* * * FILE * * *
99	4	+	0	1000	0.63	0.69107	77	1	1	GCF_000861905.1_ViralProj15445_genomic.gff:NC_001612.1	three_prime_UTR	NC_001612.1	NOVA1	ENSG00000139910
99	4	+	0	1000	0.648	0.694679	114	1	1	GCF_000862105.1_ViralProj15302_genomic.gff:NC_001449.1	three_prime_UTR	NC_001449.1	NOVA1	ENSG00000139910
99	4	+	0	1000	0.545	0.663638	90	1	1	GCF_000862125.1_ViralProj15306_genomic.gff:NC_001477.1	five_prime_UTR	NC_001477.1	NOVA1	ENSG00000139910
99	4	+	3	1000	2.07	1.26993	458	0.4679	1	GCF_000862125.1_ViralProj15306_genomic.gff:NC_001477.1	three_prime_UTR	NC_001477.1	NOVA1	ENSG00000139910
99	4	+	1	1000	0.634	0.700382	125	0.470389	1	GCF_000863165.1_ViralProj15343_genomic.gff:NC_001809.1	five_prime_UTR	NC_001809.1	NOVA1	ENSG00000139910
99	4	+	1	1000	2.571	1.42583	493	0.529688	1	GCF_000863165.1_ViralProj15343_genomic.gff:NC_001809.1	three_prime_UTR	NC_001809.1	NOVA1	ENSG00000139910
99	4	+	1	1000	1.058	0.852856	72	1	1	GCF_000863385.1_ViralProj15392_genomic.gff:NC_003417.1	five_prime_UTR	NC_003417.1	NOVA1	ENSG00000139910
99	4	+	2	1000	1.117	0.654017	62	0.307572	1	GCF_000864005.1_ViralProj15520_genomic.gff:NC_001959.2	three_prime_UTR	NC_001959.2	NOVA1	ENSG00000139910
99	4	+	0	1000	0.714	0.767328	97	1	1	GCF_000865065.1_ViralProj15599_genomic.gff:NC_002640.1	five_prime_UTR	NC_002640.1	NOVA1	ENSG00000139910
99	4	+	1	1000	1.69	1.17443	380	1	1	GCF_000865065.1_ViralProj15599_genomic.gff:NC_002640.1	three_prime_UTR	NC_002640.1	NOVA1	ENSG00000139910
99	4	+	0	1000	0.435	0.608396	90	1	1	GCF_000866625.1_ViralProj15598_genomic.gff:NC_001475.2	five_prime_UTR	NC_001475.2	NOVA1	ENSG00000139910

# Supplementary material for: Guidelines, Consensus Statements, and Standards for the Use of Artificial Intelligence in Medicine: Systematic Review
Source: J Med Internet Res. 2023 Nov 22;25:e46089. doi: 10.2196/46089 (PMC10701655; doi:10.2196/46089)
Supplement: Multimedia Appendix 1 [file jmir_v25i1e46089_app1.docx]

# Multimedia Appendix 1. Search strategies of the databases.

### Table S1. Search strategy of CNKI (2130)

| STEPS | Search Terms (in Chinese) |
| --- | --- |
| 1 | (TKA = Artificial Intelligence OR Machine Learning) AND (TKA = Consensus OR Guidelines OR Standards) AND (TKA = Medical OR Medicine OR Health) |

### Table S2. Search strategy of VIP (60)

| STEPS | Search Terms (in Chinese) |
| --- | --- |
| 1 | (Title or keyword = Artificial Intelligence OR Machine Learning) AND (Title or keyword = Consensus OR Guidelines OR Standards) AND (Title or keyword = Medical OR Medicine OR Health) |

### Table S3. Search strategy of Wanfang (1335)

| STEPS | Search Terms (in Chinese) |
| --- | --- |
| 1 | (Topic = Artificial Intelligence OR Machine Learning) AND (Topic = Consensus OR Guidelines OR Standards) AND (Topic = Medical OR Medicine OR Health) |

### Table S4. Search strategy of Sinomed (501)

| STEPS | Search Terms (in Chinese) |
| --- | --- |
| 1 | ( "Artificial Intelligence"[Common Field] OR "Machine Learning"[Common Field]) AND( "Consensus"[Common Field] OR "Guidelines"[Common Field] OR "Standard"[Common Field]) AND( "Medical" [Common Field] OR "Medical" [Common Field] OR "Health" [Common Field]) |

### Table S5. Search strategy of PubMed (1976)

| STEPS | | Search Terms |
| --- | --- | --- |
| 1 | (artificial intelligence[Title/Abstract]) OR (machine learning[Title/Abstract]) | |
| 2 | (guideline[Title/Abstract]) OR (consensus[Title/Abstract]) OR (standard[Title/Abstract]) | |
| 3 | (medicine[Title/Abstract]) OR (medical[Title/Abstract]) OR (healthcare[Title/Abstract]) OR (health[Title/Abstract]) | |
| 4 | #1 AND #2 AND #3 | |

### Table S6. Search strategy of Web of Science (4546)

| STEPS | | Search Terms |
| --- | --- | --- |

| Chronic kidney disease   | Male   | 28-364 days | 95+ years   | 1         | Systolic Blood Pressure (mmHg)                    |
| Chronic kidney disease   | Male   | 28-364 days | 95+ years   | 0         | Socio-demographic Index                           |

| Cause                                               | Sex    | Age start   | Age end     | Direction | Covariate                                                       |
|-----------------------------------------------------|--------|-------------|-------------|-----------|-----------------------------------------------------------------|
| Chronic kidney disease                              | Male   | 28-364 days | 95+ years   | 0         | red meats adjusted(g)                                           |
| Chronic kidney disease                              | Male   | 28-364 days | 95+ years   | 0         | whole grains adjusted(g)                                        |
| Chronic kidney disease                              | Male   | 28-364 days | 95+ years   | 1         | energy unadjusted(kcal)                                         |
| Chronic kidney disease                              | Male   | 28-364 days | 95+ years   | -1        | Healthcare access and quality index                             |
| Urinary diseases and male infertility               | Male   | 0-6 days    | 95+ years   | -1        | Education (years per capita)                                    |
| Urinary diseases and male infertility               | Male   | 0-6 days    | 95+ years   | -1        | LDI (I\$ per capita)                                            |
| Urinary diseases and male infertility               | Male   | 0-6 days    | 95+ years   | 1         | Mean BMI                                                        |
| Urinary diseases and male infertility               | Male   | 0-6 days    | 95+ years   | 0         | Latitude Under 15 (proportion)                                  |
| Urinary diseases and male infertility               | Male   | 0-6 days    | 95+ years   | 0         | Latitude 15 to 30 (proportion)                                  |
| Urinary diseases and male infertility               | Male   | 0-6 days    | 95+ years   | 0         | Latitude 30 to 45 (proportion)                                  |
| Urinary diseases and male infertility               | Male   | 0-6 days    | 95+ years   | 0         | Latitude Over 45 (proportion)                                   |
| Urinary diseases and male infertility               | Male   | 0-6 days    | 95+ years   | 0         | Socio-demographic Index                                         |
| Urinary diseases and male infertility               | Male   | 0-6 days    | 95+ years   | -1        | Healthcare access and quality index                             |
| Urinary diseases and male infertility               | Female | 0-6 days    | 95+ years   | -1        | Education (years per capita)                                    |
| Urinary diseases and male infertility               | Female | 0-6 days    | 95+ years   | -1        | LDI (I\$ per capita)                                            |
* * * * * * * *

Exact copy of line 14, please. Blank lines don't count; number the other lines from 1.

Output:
Supplement: Multimedia Appendix 1 [file jmir_v25i1e46089_app1.docx]